John Adams – I think first of all, we’re global investors.  Our portfolios are able to touch multiple asset classes, multiple countries and portfolios.  So it’s very important from that perspective that we’re investing on a global basis.  I would say secondly, getting that local expertise as far as looking at ideas like Brexit for example or the European election cycle this year.  Getting that expertise from our European colleagues or talking about Nafta, the future of Nafta, the future of oil, the long-term outlook for oil prices.  Talking to our Canadian colleagues who are much more in tun with that, that overall oil market, I think is very helpful from this overall process.   

Ben Jones – Now last time when we talked, you laid out kind of the views from the forum.    

John Adams – Right.  

Ben Jones – So before we jump into this year’s discussion about the next five years, I want to just take a step back and go back to your predictions last year.  Let’s maybe grade ourselves, give ourselves a score.  How did we do?  

John Adams – Yeah, because it’s always tough to grade yourself, people usually grade on kind of a curve when they grade their self on these kinds of things.  I think we gave ourselves a B- overall.    

Ben Jones – Uh huh.  

John Adams – I think we’re pretty happy with our scenario, our base scenario from last year.  It was really a global recovery, U.S. led but spreading out globally.  We really identified themes like populism, nationalism that were pretty pervasive throughout the year, especially in Europe.  So I think it was positive from that perspective.  From an asset allocation perspective, we wanted to be overweight equities versus bonds.  That played out pretty well as expected over the last year.  I would say kind of what we got wrong, we had a bit more confidence in the U.S. dollar outlook than really played out in markets over the last year.  We thought the dollar would really be stronger.  I would also say our implications from fiscal policy for example, we probably overdid the fiscal policy part of our base case scenario.  We didn’t get the fiscal policy that we really expected to come through on a global basis.    

Ben Jones – So if you look back over the year, what as the biggest surprise that maybe wasn’t on your radar last year that maybe is this year?  

John Adams – Sure.  I would say the biggest surprise is that we got market friendly outcomes across the European election cycle.  We talked a lot about populism, nationalism, the idea that countries were going to look more inward.  And we didn’t really get that election surprise.  A year ago we got the U.S. election surprise, we got the Brexit election surprise, but really very few I would say election surprises in 2017.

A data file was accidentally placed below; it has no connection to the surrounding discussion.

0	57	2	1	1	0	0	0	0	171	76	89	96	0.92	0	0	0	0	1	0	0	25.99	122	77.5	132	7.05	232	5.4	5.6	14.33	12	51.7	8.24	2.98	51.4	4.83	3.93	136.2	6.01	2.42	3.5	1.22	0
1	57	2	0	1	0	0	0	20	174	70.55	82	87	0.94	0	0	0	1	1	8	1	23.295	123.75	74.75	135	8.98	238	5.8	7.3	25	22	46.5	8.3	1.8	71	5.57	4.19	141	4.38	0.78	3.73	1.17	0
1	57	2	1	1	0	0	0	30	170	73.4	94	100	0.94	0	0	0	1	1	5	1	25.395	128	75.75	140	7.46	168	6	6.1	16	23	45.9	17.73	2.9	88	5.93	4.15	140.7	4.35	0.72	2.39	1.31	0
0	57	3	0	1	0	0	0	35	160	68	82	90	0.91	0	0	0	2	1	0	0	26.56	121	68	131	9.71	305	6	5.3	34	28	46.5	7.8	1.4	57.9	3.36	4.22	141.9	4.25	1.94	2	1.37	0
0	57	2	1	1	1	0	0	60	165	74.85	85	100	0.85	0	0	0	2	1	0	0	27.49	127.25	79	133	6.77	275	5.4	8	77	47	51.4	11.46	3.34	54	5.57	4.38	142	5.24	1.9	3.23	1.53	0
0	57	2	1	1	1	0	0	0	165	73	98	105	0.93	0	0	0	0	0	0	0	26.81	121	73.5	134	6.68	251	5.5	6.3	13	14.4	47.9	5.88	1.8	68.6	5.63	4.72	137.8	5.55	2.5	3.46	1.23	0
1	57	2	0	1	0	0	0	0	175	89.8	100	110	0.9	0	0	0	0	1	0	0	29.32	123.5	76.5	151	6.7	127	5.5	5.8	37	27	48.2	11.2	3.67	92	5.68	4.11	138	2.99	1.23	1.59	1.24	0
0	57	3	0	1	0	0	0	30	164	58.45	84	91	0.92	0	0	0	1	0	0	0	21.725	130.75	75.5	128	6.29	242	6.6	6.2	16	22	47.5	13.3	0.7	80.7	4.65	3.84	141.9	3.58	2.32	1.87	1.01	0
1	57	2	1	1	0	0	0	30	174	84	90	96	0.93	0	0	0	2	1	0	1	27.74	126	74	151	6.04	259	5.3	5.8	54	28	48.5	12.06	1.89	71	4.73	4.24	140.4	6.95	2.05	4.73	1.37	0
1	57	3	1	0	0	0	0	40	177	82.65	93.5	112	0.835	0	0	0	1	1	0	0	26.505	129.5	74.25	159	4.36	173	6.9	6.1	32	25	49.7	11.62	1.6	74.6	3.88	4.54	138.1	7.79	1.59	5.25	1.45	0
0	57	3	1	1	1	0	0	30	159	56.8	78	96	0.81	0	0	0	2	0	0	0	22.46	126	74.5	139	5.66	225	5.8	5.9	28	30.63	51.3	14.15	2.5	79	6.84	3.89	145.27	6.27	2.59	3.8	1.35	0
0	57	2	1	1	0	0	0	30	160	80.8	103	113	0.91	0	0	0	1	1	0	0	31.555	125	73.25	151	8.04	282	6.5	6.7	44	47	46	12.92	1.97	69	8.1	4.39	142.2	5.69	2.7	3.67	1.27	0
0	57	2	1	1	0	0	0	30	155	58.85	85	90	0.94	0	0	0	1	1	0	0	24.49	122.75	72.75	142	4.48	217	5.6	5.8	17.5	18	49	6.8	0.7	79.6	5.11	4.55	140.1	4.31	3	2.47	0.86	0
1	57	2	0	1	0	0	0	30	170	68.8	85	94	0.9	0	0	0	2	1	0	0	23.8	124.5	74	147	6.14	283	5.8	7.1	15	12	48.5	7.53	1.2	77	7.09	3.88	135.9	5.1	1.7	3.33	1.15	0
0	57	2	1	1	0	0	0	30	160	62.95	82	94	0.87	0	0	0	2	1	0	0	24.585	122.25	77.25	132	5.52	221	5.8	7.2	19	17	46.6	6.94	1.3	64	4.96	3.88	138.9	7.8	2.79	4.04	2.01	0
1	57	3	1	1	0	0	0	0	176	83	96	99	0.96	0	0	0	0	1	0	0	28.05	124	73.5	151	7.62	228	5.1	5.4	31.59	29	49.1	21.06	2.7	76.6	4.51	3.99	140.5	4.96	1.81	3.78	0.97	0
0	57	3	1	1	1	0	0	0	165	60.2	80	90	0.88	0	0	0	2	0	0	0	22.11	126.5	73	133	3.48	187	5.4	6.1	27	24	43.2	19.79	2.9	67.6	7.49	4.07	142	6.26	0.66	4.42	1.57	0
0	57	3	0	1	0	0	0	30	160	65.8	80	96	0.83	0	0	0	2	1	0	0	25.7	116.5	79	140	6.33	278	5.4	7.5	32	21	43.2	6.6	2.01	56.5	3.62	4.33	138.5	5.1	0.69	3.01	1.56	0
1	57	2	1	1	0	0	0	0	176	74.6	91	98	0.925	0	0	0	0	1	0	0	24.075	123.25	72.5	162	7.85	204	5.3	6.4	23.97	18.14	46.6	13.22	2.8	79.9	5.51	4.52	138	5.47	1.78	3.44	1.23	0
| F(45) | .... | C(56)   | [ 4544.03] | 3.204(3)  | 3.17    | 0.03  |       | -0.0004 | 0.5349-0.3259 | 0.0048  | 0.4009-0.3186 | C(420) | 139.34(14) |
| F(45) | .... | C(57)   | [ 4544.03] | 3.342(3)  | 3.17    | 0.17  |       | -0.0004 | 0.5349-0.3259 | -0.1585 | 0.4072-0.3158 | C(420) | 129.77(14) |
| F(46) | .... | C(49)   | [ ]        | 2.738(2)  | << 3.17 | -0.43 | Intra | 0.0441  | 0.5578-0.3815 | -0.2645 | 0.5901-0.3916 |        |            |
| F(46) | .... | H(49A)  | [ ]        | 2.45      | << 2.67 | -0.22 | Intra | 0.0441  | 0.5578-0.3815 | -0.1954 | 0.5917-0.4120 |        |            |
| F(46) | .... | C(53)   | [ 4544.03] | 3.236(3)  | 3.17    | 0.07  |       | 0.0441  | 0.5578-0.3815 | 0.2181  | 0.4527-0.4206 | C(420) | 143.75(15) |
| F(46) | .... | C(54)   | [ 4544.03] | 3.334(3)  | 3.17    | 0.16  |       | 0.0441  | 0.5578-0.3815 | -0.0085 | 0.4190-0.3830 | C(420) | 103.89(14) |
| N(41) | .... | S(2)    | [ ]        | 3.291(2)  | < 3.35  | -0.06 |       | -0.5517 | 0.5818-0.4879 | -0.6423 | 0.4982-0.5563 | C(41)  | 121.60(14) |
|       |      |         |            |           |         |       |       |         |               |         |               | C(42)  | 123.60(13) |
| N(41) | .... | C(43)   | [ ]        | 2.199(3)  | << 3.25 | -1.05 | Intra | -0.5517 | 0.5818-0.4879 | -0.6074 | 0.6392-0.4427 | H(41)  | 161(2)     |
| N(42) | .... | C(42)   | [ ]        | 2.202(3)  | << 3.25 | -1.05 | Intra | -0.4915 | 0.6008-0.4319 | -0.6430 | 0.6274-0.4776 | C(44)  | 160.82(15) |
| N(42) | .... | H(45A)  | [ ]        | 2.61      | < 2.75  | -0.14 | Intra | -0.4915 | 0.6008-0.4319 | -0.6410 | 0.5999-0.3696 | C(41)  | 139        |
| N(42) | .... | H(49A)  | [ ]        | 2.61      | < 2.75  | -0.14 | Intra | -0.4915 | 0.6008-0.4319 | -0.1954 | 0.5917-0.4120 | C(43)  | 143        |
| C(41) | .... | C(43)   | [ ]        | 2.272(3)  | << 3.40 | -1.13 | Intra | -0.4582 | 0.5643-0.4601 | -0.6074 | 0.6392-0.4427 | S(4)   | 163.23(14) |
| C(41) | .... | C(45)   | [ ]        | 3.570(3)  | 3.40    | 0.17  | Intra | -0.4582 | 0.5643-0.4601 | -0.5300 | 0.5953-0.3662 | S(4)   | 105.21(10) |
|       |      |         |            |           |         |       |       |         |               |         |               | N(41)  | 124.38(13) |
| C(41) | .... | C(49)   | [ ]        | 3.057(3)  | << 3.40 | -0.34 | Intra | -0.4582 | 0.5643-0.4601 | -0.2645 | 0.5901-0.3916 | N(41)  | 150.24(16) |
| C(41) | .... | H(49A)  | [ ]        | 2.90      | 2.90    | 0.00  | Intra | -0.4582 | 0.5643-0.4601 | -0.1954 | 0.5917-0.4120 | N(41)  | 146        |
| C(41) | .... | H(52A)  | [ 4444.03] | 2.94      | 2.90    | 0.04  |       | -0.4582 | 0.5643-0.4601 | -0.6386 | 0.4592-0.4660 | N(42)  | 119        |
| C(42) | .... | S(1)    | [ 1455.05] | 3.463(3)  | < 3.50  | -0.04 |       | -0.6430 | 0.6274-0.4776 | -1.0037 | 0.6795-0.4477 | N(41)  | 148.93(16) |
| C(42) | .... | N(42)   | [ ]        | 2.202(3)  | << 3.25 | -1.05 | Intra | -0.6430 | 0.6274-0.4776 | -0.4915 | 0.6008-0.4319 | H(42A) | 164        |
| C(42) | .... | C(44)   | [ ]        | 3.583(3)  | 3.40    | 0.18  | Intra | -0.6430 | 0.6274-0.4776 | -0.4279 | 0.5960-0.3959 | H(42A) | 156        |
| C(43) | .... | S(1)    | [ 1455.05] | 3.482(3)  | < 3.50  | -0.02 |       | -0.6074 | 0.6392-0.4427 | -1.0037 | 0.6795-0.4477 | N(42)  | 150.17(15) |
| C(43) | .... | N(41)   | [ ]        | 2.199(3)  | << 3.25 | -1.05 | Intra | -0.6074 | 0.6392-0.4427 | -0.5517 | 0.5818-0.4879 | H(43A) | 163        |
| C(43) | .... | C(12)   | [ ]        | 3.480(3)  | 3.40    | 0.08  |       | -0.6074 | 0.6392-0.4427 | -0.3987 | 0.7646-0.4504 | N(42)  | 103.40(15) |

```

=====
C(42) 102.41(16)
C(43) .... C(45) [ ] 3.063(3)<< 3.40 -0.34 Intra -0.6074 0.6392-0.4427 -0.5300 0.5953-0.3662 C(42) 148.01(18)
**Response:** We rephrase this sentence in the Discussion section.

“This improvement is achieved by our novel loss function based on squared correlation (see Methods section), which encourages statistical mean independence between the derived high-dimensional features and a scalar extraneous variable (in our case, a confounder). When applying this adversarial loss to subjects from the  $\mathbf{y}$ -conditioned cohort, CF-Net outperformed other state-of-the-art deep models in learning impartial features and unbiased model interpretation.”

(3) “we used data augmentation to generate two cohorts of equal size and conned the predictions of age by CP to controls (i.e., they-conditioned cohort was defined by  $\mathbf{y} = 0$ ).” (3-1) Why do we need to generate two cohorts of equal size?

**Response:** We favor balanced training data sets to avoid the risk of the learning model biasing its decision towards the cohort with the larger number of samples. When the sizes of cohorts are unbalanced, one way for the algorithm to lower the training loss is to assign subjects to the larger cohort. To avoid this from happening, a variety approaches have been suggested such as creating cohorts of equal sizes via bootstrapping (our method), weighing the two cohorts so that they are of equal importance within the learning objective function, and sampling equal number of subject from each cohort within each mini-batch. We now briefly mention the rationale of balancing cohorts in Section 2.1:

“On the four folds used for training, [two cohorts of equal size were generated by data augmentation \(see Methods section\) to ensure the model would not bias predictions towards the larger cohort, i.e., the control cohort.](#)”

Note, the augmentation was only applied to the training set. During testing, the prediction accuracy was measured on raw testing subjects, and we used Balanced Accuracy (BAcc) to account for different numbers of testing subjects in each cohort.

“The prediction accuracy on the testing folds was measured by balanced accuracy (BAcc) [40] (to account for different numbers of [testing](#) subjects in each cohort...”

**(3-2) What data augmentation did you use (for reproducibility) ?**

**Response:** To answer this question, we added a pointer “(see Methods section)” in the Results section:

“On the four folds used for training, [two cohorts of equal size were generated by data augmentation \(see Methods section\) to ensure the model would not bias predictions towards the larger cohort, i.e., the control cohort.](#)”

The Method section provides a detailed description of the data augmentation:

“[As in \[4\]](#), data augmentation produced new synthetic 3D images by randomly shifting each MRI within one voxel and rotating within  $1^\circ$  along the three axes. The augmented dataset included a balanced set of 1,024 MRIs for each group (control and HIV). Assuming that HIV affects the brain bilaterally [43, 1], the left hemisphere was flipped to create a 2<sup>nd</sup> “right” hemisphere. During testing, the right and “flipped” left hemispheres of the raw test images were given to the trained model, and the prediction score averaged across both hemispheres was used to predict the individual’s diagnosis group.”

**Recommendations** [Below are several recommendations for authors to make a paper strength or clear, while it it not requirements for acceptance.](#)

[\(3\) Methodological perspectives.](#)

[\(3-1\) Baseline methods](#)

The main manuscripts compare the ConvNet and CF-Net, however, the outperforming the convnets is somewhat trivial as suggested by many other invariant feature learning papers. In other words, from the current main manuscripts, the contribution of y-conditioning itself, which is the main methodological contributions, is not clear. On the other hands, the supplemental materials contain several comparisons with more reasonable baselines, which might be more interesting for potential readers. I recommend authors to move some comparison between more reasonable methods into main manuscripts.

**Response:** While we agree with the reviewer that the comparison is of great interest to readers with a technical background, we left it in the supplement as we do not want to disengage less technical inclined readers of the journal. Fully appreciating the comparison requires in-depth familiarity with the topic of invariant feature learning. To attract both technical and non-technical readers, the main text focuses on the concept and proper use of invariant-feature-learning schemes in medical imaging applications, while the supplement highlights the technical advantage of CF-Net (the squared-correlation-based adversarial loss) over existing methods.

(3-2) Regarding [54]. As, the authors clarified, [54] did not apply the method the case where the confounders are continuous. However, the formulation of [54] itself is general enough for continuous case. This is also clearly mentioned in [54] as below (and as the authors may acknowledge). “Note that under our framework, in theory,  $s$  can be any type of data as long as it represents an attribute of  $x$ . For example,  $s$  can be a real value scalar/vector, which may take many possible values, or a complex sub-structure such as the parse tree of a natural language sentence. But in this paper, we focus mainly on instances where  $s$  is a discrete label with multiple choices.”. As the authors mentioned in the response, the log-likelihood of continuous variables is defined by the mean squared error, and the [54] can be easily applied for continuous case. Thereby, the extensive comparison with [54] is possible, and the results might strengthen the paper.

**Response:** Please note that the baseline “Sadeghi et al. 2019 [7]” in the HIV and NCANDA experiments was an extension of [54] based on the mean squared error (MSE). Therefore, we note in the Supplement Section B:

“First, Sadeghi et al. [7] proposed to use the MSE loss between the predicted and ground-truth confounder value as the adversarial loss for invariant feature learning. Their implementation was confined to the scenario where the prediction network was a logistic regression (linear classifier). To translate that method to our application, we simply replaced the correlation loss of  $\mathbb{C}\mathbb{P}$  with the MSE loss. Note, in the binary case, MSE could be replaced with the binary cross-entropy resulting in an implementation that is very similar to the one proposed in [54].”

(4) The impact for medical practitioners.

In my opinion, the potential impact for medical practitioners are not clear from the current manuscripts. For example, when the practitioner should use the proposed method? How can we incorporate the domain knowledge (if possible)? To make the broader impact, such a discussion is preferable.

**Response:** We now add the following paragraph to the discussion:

Ben Jones – It’s interesting you say that.  I was just reading in the Journal yesterday about the optimism around global trade coming back in a big way.    

John Adams – Sure, sure.  

Ben Jones – I can’t imagine that being a theme last year in the middle of the election cycle in the U.S.  

John Adams – Right, right.  Yeah, yeah.  Global trade really, really peaked probably a few years ago.  There’s been a lot of talk about what’s going to — what’s the catalyst for the resumption of global trade.  I think really from our perspective, it’s just that we’ve seen this synchronized global growth and we’re kind of sick of talking about synchronized global growth.  But I think that’s really what’s going to drive trade forward and kind of integrate countries more on trade bonds.  

Ben Jones – During the forum, they’re developing an investment outlook for 2018 through 2023.  This year, much like last year, they ended up with three scenarios for the future.  A base case, an upside scenario, and a downside scenario.  Each of these was given a probability of occurring.    

Emily Larsen – The base scenario, which was given a 60% probability this year, was called Steady as she goes, and we’ll discuss it in a moment.  The second was a downside scenario that was given a 30% probability and called Policy makers pull the punch bowl.  The final scenario was an upside scenario called Perfect policy prevails, which was given only 10% probability.    

John Adams – I would say really that the base case was essentially a continuation of our base case from last year.  It’s really that we get continued resumption in global growth and global earnings growth, and also still I would say muted inflationary pressure.  It’s really a best case outcome for market.  We focused a lot this year saying hey, our base case actually looks pretty good, almost looks like an upside scenario.  I think that was part of the reason we placed a higher weight in our downside scenario is because the base case was really so rosy and we defined that we called that Steady as she goes.  Basically a continuation of the environment that we’ve seen over the last year or so that’s been very, very strong for equities especially, but risk assets really in general.    

Ben Jones – And what does this type of environment mean for investors?   

John Adams – Sure.  I think it means investors are really pushed out the risk spectrum, encouraged to take on additional risk.  Because there are always tail risks that we can see, you can point to North Korea, Middle East, potential China slow down as a more medium term risk.  But I would say it’s really encouraging investors to go off the risk spectrum, pushing those investors further out.  So high-yield investors into equities for example.  But that was really the clear take away this year was that we really favored equities over fixed income.  That was really the highest conviction.  

Ben Jones – Now, we have listeners that listen to the show from all over the world.  

John Adams – Sure.  

Ben Jones – So, how would that view change regionally, say if you were in Canada versus Europe versus maybe Asia Pac.